A highly sensitive election

This Monday, Georgians are going to polls to elect their national Parliament in a very strained national and political context.

Former soviet republic and enjoying the Eastern Bloc and USSR dismantlement in 1991 to recover its independence, Georgia has been still looking for a certain geopolitical and internal stability, since 2008 and the war with Russia who let it very exhausted. This war had important aftermath at the political level and for Mikheil Saakashvili, the current Georgia’s President, some people wondering on the legitimacy of his rapprochement policy vis-à-vis the European Union and NATO it wants to be a full member.

Bidzina Ivanishvili, current Georgian opposition’s leader, during his campaign

If currently, the United National Movement (the Head of State’s party) is still ahead in the opinion polls, the atmosphere seems to be more and more strained and the distrust vis-à-vis the power stronger and stronger. Indeed, Mikheil Saakashvili is facing to a heteroclite opposition – led by the very rich business man, Bidzina Ivanishvili, reputed to be close to Russia – who questions his authoritarian power. On the contrary, the presidential movement accuses Georgian Dream (the Ivanishvili coalition gathering nationalistic parties and former supporters of Saakashvili) to create unrest within the population and want to fasten the country to Russia.

Mikheil Saakashvili, current Georgian President during a rally

The outgoing president’s personality is one of the main stakes of the campaign insofar as this one polarizes tensions. This ambivalent person is put forward by the opposition who wants to transform this election in a referendum pro or anti Saakachvili. The man, symbol of the 2003 Rose Revolution and president since 2004, disappointed a lot of Georgians who now question his personal way of governing but also the omnipotence of his party who gets more 80% of the seats in the Parliament. Face to him, Georgian Dream wishes to federate all the disappointed of the current president and capitalize on the current dissatisfaction to get the power and force Saakashvili to step down. This hypothesis does not seem afraid the presidential party who nonetheless warns Georgians against a probable victory of the opposition which would be an impact on the fragile equilibrium of the country and its pro-occidental policy.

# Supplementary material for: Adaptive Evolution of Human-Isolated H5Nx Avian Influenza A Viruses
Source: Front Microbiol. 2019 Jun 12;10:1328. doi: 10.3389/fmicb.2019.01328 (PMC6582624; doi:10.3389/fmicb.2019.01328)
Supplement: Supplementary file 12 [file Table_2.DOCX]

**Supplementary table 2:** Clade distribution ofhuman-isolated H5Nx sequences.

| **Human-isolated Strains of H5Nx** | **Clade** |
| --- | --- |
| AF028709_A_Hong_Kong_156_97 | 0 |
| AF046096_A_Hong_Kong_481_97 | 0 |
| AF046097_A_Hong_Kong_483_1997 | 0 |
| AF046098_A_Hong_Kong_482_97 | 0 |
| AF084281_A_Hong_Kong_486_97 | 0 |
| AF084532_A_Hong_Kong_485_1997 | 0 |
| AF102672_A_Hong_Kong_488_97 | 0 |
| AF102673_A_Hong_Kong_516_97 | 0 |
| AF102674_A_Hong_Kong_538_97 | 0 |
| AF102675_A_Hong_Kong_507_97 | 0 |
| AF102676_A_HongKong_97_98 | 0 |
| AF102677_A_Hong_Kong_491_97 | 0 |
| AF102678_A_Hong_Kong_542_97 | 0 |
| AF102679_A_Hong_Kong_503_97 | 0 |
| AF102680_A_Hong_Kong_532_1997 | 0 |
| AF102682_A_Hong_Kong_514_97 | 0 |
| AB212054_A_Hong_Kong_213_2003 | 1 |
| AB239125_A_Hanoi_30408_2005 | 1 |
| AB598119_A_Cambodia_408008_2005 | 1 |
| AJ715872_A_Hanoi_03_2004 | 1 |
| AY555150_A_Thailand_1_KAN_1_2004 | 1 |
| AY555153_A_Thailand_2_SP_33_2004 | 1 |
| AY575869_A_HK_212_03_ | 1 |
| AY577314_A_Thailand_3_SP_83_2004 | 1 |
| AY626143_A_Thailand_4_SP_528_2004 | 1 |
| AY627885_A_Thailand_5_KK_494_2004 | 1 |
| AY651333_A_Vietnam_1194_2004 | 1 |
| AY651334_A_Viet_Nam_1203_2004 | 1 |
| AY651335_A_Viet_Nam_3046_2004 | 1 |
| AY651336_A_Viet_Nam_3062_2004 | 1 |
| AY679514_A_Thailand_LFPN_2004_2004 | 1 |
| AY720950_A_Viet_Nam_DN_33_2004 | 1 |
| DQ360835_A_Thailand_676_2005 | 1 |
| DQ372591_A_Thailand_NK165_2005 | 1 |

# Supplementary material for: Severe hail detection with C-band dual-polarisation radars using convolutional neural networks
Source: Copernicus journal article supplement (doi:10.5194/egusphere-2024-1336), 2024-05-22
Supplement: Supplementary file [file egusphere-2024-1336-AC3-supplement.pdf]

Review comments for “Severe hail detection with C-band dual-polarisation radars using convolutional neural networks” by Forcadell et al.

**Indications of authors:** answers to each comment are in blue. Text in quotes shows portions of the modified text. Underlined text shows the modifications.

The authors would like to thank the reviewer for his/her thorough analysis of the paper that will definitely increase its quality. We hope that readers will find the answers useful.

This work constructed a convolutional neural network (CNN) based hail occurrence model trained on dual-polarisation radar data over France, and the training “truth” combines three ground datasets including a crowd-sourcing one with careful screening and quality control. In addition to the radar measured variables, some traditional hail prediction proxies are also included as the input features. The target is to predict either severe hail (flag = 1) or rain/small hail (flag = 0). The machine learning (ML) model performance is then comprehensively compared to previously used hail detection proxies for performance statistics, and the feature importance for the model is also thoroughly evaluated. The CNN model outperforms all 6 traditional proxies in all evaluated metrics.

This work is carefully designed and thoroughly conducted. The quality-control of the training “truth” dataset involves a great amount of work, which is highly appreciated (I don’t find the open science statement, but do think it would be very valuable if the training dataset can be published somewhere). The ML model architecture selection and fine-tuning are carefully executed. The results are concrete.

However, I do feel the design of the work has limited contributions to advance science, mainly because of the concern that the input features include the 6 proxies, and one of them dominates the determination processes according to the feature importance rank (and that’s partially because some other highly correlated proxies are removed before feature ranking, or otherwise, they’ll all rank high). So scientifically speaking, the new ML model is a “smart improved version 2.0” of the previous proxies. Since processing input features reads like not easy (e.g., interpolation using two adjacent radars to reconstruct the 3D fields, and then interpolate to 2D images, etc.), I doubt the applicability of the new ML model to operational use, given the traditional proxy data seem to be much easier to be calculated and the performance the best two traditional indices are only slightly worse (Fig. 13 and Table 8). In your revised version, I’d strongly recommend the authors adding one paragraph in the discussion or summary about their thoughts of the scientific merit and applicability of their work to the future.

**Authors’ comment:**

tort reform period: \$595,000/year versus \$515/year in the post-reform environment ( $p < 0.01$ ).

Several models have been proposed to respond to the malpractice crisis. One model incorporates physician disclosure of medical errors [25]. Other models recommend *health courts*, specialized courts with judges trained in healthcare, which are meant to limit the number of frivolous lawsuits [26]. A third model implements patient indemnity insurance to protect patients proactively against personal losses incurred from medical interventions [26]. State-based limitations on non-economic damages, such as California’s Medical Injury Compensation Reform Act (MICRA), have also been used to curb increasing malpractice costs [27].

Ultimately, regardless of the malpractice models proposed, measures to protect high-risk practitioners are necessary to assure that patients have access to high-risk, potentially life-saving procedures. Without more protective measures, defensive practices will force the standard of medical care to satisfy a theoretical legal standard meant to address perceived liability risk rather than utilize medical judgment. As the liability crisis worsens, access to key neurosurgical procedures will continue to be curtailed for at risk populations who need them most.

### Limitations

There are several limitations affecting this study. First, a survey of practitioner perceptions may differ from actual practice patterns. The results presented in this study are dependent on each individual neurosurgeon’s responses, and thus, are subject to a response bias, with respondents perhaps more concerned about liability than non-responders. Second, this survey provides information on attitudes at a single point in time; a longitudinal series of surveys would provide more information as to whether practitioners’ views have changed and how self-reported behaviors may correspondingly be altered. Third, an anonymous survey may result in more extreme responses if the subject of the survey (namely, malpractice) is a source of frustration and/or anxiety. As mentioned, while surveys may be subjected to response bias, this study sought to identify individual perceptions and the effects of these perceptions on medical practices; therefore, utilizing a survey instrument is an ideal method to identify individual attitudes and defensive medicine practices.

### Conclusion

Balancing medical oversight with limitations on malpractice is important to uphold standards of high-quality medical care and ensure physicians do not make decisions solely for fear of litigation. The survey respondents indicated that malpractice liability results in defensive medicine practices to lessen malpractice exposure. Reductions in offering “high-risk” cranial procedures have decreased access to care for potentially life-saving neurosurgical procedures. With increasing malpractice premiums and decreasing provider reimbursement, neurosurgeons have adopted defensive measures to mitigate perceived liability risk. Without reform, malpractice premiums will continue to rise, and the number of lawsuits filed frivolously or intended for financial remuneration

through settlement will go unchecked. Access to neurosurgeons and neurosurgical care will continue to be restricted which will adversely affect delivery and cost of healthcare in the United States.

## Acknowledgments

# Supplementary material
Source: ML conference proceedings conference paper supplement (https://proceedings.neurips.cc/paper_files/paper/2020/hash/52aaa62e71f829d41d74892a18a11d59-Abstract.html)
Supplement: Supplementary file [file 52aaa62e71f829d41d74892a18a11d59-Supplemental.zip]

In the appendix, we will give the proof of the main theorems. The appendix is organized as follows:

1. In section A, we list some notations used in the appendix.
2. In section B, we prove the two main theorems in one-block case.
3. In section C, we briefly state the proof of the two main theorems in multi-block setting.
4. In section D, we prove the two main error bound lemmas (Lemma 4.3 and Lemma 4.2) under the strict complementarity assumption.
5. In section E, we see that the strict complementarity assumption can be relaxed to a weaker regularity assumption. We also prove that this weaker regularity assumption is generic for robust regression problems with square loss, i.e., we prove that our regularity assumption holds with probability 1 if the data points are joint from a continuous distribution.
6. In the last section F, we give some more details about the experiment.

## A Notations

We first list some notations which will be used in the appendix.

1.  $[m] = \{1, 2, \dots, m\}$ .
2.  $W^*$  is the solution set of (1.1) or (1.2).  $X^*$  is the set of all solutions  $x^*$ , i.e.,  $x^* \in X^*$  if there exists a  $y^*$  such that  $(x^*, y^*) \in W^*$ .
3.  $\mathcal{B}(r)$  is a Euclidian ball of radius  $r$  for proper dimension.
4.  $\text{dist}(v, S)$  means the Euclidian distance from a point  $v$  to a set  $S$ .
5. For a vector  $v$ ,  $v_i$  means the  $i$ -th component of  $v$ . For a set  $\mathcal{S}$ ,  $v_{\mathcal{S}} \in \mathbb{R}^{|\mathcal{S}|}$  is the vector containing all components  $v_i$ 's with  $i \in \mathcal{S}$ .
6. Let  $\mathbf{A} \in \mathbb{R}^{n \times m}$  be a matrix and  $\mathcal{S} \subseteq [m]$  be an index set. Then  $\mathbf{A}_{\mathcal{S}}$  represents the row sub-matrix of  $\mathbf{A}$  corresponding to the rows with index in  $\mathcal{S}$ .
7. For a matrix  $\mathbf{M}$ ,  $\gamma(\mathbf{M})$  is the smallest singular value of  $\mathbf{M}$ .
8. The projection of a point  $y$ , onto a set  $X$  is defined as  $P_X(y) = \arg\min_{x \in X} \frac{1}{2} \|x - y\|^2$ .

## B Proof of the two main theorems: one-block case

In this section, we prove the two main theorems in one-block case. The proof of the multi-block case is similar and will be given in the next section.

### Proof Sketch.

In fact, it needed to remind – and this is the other point of the current campaign – the country attracts the attention of Russia, the United States and the European Union because of its geographical position. Located in the heart of Caucasus, Georgia is a strategic State who during a while hesitated between Russia and the West even if Saakashvili has been leading, since he is at power, a blatantly pro-Western policy. Such a position sparks off a lot of ambitions and important stakes as on an internal level as an external one and heavily weigh on this very electric electoral campaign. Thus, a probable rapprochement with Russia, advocated by Ivanschvili, is clearly rejected by those who fear a loose of independence for Georgia, a lot of Georgians keeping in mind the 2008 War indeed.

Georgian man sitting down in front of the Russian Embassy, in August 2008, just after the Russian-Georgian War

It is a very sensitive ballot for the incumbent Georgian President who is staking everything to keep the power accusing the opposition to prepare unrest just after the first known results. Twenty one years after recovering its independence, Georgia is still experiencing important motions and seems to hesitate between a pro-Western and a pro-Russian path as the ex-USSR Republics. The polarization of the Georgian political life and election on president Saakaschvili is a good indicator and it seems to be obvious electoral results will be particularly studied by the European Union in the framework of its neighbourhood policy.